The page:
There are two principles that govern the food and wine matching: the similarity principle and the complementary principle. You can continue your introduction to the world of wine
One agrees to say that there are two principles that govern food and wines: the principle of similarity and complementarity. Continue your introduction to the world of wine with these simple principles in mind.
According to the principle of similarity, the objective of good food and wine matches is to draw parallels between the dish and the sipple. For instance, you have to choose a light wine to pair a light recipe or, on the contrary, a full-bodied wine goes well with a flavourful and rich meal. In the same way, you will select a wine because his aromas are close to your food flavours: mushrooms, white fruits, red fruits, etc…
Under the complementarity principle, you have to try to create a pleasant contrast between food and drink. To better enhance savours, wine will have to bring aromas and structure to a meal with opposite characteristics. For example, a Savennières sec from the Loire Valley, will reduce the heaviness of a fish creamy dish thanks to his lively and acidity.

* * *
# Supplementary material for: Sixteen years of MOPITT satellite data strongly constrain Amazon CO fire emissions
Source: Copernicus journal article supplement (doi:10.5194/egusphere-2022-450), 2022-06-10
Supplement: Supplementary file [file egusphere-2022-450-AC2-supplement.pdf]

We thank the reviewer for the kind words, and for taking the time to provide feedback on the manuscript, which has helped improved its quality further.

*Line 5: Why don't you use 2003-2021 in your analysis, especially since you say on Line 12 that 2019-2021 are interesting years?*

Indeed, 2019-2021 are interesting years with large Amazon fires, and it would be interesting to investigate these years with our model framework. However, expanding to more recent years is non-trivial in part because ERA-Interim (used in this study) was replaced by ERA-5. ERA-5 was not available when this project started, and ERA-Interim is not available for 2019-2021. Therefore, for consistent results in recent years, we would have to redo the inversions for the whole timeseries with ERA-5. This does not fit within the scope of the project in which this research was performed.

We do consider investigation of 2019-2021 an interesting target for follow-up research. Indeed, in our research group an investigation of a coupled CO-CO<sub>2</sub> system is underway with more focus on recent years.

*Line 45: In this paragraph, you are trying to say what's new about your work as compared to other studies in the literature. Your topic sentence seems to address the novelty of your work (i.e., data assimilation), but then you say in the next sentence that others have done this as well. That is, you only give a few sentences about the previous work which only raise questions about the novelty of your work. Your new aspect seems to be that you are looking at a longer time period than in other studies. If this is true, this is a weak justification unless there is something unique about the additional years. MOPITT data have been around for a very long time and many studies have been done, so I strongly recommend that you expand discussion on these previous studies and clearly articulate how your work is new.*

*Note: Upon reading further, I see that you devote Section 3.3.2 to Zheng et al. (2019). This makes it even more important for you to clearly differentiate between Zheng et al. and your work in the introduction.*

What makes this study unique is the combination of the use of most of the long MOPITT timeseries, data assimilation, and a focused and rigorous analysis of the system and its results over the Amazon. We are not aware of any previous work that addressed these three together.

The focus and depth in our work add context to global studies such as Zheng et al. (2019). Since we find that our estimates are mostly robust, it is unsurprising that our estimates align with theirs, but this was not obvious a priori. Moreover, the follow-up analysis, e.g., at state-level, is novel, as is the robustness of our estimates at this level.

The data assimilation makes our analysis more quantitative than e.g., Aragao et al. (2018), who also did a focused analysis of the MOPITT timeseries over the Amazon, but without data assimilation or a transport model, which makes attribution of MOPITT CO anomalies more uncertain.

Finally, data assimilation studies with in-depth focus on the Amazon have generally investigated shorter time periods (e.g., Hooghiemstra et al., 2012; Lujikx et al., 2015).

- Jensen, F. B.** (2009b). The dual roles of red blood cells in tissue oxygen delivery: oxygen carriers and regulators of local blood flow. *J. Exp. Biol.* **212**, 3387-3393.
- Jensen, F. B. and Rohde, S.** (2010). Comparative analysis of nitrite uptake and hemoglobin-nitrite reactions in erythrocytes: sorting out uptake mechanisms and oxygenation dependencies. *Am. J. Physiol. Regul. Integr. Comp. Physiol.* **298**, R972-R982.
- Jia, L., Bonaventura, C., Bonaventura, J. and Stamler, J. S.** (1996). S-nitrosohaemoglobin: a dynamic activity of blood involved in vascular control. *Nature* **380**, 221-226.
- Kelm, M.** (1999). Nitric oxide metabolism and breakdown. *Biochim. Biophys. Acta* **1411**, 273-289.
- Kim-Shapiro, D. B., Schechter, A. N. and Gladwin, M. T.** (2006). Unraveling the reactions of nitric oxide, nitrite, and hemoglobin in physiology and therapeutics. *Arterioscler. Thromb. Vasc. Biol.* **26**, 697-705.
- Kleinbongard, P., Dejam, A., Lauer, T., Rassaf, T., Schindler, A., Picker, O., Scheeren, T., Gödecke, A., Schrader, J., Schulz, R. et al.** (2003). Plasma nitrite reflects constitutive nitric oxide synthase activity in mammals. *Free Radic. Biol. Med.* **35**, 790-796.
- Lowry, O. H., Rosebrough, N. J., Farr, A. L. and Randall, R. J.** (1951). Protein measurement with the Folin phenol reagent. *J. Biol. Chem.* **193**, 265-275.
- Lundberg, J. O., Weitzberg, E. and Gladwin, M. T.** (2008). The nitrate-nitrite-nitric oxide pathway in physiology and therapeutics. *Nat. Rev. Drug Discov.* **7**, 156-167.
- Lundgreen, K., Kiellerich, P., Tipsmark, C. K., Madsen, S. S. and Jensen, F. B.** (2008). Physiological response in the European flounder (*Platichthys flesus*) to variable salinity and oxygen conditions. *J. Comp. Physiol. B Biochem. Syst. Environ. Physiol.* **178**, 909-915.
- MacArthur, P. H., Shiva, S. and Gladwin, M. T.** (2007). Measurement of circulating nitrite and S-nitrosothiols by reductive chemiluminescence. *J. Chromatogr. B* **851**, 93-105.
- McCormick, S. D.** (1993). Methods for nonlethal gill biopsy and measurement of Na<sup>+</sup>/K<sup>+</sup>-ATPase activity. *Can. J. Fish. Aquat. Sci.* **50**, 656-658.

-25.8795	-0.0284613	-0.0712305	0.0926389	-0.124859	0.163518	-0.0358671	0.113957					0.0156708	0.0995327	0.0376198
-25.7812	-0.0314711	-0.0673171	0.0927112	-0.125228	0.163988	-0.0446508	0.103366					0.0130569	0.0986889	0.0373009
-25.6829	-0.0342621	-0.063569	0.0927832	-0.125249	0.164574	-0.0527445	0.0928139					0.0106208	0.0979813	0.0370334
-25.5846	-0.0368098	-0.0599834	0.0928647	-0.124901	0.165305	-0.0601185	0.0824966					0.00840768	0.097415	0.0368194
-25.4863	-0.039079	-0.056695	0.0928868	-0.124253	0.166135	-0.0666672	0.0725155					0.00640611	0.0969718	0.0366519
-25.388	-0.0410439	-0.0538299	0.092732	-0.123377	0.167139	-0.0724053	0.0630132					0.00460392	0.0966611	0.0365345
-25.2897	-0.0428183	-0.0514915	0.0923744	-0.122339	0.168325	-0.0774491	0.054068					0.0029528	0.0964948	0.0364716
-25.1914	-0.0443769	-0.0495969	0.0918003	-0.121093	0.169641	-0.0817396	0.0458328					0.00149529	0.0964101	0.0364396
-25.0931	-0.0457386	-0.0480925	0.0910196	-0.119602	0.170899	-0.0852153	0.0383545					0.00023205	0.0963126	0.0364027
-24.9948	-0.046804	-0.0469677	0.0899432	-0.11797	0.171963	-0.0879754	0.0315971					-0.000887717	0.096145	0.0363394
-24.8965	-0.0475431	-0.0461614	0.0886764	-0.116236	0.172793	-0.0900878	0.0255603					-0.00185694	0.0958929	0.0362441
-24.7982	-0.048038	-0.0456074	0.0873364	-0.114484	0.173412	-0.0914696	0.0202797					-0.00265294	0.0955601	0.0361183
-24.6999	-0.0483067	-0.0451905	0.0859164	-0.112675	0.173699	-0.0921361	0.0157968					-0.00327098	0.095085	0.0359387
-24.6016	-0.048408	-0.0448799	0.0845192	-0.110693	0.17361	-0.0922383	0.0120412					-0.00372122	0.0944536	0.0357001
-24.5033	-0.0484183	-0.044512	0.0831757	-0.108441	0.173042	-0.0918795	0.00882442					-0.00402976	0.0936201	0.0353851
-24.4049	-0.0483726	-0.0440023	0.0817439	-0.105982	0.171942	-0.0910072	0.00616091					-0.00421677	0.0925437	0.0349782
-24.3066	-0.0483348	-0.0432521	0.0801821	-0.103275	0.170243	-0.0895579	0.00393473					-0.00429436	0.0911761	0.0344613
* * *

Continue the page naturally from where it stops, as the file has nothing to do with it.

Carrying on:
Texture matches: we tend to say that in this case opposites attract. So with a dry-texture pork steak you will have to prefer a supple wine such a cabernet franc from the Loire.
Thus, with a pork roast try Chinon – Les Charmes 2009 – Domaine Charles Joguet (Wine box My VitiBox July 2013).
To learn more on food and wine matching, you can read our article “Food and wine pairings rules”.
Discover the wine and dessert matching: “ Poached pears and Galliac of Vayssette winery”.
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